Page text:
On the TV side, where they spent a wad in the digital upgrade, things are slowly coming back to normal. On the radio side, that has even more market pressure, but wasn’t pushed as hard into new technology, these stations recovered faster, but I think that masks the fact that there are some big winners and some big losers.

One of the losers is the small-market independent station, which I think has lost ground in the recession that may not be recoverable. Many of these have been gobbled up by the giant station groups, losing their local character and ushering in a very restricted range of common formats that the Internet would be glad to mimic.

It has been more than a decade since the move to convert audio signals from analog to AES serial digital. Is AES serial digital itself now falling prey to the march toward multi-purpose standardized wiring systems based on Cat-5/6 and the RJ-45?
I am constantly amazed by our sales figures of analog audio cable. Most of the audio, even in networks and station groups, is still analog. Quality is excellent. It’s easy to install. And the price can’t be beat. But whole villages in India went from nothing to cell phones. I think a lot of radio broadcasters will be doing the same thing. And the change will be to “AVB.”

AVB is a new Ethernet standard, P802.1BA AVB, for “audio-video bridging.” This is not new devices aimed at audio and video, but a complete rewrite of the Ethernet standard that will include bells and whistles such as low latency and aligned bit-streams (among many features) aimed at expanding the Ethernet market. The Cobranets, Axias, Ethersounds and other proprietary Ethernet systems will now have to contend with a common interoperability standard. This signals a new day for the infrastructure of broadcast facilities.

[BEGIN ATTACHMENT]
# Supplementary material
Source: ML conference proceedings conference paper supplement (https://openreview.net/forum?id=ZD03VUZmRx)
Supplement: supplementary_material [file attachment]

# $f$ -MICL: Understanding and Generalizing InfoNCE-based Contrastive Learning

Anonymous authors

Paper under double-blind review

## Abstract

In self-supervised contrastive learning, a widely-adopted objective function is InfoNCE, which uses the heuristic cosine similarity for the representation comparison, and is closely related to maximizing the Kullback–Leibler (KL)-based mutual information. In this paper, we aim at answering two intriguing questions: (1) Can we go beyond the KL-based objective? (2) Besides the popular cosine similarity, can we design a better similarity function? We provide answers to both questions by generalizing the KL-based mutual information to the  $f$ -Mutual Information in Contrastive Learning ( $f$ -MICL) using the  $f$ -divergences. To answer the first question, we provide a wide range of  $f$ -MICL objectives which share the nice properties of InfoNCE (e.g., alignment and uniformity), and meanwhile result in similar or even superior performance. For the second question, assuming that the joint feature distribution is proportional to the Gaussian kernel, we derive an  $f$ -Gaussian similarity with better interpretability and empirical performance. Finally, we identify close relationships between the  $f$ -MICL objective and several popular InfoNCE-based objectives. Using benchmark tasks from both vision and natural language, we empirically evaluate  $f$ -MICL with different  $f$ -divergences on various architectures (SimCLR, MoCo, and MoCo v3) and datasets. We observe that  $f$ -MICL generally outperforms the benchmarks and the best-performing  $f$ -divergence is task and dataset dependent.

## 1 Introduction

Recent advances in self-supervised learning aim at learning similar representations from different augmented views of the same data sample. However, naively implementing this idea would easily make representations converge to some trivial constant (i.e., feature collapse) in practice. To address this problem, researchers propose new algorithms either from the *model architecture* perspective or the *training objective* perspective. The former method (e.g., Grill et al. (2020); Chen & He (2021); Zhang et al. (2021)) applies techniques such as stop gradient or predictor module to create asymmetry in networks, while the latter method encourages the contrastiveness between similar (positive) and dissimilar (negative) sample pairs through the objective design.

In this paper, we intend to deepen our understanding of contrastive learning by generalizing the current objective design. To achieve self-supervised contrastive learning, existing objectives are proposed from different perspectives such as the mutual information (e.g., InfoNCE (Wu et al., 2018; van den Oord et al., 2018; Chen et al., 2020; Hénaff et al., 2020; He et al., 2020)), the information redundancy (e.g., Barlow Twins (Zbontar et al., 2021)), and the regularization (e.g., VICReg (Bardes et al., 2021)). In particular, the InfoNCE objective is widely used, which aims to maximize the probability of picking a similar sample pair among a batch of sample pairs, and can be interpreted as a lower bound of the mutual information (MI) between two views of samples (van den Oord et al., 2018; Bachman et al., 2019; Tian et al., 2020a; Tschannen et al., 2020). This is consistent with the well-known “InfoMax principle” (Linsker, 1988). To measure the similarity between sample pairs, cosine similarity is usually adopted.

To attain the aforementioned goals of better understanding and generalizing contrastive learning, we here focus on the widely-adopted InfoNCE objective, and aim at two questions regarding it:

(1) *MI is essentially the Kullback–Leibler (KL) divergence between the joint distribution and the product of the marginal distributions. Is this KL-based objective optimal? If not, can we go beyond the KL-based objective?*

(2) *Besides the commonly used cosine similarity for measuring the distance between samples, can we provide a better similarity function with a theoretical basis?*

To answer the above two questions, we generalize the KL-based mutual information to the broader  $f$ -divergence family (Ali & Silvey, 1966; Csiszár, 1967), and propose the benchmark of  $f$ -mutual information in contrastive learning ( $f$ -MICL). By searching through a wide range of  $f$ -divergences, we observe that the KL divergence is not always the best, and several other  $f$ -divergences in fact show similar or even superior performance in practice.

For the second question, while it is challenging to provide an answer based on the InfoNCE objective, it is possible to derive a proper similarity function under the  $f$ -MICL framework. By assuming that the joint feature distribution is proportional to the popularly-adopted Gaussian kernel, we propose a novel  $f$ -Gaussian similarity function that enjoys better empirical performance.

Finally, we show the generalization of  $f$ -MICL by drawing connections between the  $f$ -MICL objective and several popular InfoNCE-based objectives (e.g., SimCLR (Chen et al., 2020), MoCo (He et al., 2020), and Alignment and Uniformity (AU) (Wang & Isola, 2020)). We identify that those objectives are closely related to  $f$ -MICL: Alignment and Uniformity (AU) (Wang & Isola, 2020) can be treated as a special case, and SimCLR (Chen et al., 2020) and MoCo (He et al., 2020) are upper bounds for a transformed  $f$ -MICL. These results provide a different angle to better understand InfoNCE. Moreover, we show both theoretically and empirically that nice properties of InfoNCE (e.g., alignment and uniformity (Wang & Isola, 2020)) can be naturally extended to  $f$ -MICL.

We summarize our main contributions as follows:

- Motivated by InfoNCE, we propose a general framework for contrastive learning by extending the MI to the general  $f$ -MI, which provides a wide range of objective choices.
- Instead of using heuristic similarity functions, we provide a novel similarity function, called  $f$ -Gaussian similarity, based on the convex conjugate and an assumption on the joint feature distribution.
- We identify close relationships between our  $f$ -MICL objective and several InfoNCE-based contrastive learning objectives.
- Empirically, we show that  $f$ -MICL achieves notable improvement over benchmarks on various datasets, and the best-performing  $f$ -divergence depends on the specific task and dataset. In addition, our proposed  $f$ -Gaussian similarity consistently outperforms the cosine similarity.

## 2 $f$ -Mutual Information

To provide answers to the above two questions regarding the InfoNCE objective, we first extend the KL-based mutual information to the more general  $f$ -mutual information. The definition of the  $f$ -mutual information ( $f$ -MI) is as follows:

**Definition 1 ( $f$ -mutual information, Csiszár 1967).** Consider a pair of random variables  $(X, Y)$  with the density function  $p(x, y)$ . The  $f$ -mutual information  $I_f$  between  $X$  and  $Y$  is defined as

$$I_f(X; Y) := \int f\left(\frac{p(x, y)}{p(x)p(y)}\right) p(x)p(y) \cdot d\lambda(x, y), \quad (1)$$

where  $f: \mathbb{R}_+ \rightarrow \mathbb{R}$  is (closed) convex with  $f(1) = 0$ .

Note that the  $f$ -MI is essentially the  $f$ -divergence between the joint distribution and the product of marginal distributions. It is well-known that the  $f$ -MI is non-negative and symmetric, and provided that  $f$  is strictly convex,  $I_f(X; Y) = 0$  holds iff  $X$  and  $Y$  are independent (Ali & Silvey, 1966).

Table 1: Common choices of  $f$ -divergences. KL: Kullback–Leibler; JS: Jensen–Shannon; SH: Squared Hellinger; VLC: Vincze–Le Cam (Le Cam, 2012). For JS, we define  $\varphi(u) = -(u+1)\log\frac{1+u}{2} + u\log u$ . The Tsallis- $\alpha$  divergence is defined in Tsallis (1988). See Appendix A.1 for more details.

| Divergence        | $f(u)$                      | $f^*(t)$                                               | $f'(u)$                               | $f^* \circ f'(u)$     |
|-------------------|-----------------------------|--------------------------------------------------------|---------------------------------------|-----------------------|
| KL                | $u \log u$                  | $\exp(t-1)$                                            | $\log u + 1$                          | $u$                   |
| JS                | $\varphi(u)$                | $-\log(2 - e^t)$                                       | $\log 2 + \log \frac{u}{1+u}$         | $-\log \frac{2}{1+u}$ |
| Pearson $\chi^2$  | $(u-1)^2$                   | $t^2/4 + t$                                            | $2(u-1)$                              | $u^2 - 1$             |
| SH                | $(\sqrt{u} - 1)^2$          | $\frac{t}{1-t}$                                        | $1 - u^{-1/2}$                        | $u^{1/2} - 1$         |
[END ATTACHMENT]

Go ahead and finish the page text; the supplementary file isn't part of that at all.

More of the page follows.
If you were asking me how would broadcast engineers prepare for this, I would say, “Take a networking class” or even better, “Learn how to program a managed Ethernet switch.” And if you don’t know what that means, and don’t want to learn, I truly hope your 401(k) is in order.

Tell me a bit more about your role at Belden.
My role as multimedia technology manager is to travel around the world and talk to broadcast engineers. Lest you think the USA has been singled out, the digital revolution is happening everywhere. And the funny thing is broadcast engineers in Santiago, Chile or Helsinki, Finland all think they’re missing the boat and need to catch up … when many of them are ahead of the pack. As product line manager, my job is to think up our new products.

As you can tell, one of my key challenges is to link together our networking division with our audio-video division, which is going to happen with or without us. Belden now owns two manufacturers of Ethernet switches (Hirschmann in Germany and Garretcom in the United States), and I am sure they are wondering why this broadcast guy (me) is bugging them on a regular basis. But now you understand! Along the way, there will be many products with features of both traditional audio and video and with traditional Ethernet, and slowly these product lines will merge.

Comment on this or any story in RW Engineering Extra. Email rwee@nbmedia.com.